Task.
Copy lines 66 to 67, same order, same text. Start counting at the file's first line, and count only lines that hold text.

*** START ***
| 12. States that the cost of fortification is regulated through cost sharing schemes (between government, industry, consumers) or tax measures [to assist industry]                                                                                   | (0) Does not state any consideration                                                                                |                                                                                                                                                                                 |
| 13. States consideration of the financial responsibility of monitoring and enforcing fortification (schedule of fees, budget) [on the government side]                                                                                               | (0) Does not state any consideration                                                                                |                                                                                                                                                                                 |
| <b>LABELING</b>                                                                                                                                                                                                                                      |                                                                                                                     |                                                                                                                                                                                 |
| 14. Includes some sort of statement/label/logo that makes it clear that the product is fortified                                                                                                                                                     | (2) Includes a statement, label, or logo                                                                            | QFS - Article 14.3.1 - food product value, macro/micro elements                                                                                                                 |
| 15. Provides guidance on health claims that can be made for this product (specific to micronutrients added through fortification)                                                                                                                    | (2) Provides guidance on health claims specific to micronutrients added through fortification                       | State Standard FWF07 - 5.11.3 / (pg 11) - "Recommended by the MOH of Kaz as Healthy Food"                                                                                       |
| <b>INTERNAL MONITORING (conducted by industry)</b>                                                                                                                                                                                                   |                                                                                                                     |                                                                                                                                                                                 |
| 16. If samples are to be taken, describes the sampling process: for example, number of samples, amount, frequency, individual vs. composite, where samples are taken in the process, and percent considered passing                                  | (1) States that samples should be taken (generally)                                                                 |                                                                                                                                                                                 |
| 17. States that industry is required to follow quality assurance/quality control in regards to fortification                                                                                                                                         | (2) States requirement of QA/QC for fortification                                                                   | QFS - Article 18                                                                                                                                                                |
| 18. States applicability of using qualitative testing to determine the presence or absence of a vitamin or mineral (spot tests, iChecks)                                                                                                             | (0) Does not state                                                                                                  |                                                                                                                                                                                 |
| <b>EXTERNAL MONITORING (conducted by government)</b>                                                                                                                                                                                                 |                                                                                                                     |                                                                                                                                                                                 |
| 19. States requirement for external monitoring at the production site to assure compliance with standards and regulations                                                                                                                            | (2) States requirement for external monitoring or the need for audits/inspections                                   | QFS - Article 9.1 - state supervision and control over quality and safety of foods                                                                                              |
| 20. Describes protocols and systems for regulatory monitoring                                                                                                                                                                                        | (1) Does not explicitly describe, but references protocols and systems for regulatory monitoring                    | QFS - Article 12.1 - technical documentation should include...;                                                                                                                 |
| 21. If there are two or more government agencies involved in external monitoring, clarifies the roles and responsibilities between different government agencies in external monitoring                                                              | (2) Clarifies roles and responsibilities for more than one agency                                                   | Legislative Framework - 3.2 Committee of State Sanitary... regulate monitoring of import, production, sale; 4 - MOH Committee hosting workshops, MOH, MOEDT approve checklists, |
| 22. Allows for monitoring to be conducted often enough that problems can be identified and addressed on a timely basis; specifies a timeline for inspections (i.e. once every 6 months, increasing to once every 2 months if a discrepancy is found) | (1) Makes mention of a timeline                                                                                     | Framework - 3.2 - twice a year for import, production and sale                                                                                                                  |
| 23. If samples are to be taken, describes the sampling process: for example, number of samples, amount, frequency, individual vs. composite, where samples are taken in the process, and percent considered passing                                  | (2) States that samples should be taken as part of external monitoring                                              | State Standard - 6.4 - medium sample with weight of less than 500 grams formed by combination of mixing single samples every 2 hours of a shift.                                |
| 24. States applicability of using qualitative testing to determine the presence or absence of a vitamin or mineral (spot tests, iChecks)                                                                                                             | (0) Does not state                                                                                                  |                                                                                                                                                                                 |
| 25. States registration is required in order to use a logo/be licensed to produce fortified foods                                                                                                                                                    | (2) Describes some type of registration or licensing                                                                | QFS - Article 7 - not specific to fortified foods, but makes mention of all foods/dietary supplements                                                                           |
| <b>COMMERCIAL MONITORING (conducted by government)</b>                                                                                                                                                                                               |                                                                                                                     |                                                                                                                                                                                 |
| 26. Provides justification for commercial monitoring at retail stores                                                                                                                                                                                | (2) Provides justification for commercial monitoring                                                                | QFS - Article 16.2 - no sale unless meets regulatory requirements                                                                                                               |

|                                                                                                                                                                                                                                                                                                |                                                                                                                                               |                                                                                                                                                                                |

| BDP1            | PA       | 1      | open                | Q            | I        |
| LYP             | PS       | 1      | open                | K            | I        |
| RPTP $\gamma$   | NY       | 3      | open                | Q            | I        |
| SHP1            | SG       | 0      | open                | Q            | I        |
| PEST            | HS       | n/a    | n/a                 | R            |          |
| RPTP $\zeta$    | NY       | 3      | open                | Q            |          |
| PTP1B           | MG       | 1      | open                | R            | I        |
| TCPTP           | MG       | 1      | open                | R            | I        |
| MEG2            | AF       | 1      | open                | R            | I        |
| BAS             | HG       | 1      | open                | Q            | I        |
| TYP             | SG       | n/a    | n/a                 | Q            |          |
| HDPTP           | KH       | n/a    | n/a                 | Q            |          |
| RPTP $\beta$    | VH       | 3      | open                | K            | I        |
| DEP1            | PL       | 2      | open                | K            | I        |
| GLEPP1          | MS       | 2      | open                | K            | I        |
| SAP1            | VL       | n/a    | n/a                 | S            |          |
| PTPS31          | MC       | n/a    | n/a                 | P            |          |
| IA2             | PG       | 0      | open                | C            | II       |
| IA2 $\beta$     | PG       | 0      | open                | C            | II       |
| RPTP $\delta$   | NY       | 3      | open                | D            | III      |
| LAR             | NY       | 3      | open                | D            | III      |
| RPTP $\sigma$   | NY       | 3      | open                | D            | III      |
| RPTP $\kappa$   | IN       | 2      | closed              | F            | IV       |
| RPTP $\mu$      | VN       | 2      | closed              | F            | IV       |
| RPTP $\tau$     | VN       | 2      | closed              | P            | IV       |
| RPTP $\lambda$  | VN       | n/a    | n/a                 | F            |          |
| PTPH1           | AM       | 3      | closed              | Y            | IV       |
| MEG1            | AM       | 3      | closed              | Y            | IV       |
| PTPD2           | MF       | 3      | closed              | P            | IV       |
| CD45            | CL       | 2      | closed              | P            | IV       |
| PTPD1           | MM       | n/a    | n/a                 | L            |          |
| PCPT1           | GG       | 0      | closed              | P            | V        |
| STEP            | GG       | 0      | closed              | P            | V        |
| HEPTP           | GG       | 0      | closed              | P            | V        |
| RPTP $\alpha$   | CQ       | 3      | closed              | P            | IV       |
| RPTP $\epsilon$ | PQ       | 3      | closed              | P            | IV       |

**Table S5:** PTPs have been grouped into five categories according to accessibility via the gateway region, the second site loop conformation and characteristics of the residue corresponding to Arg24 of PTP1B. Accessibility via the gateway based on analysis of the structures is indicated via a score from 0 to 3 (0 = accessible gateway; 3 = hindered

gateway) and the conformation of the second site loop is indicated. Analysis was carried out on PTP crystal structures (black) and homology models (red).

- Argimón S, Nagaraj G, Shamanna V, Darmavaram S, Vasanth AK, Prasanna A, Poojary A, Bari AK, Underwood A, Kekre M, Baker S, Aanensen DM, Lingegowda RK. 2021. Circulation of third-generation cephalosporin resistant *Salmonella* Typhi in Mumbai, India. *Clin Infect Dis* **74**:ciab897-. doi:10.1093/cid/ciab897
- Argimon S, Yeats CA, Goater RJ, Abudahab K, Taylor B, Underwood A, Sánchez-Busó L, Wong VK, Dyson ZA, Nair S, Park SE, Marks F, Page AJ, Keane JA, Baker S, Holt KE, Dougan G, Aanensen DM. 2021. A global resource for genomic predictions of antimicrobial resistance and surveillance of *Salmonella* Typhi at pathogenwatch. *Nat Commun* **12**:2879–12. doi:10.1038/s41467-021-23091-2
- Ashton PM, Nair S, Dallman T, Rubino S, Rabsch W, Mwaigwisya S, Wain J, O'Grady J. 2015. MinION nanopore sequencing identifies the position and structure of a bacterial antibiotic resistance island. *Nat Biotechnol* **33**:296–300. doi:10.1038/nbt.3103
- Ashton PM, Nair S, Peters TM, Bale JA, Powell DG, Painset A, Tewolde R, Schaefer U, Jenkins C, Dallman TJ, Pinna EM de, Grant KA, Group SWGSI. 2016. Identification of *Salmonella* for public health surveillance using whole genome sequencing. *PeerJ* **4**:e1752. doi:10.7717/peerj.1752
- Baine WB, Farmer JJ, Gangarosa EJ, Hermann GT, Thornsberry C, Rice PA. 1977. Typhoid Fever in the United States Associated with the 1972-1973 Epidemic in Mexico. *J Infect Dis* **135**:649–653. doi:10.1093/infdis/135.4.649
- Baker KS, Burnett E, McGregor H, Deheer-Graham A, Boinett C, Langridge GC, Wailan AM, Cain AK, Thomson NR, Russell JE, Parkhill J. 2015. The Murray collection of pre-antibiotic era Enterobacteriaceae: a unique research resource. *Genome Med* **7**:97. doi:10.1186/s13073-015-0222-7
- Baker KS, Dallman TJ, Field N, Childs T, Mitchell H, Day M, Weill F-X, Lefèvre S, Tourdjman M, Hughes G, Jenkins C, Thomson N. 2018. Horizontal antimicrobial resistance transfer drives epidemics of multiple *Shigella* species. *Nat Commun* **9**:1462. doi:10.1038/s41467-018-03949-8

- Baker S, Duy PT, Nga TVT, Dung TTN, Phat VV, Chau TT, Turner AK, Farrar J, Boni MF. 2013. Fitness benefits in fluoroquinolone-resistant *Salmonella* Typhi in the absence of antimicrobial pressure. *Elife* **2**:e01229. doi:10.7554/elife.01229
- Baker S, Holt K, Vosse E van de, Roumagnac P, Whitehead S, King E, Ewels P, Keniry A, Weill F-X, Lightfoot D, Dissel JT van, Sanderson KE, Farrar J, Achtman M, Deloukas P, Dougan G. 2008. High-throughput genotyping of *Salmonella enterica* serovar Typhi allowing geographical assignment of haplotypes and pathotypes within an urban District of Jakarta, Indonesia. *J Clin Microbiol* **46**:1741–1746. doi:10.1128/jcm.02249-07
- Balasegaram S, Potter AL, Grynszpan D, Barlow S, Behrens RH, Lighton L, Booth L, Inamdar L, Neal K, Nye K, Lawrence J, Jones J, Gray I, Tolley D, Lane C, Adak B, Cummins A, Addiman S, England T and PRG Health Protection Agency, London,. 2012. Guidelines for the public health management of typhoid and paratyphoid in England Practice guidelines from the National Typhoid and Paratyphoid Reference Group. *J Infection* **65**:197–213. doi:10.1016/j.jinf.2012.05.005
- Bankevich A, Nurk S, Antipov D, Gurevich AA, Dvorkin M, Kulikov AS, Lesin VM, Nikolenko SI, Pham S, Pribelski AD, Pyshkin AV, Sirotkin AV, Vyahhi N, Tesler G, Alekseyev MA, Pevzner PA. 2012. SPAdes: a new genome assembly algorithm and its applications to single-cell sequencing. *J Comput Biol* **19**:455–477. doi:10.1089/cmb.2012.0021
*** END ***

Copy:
- Baker S, Duy PT, Nga TVT, Dung TTN, Phat VV, Chau TT, Turner AK, Farrar J, Boni MF. 2013. Fitness benefits in fluoroquinolone-resistant *Salmonella* Typhi in the absence of antimicrobial pressure. *Elife* **2**:e01229. doi:10.7554/elife.01229
- Baker S, Holt K, Vosse E van de, Roumagnac P, Whitehead S, King E, Ewels P, Keniry A, Weill F-X, Lightfoot D, Dissel JT van, Sanderson KE, Farrar J, Achtman M, Deloukas P, Dougan G. 2008. High-throughput genotyping of *Salmonella enterica* serovar Typhi allowing geographical assignment of haplotypes and pathotypes within an urban District of Jakarta, Indonesia. *J Clin Microbiol* **46**:1741–1746. doi:10.1128/jcm.02249-07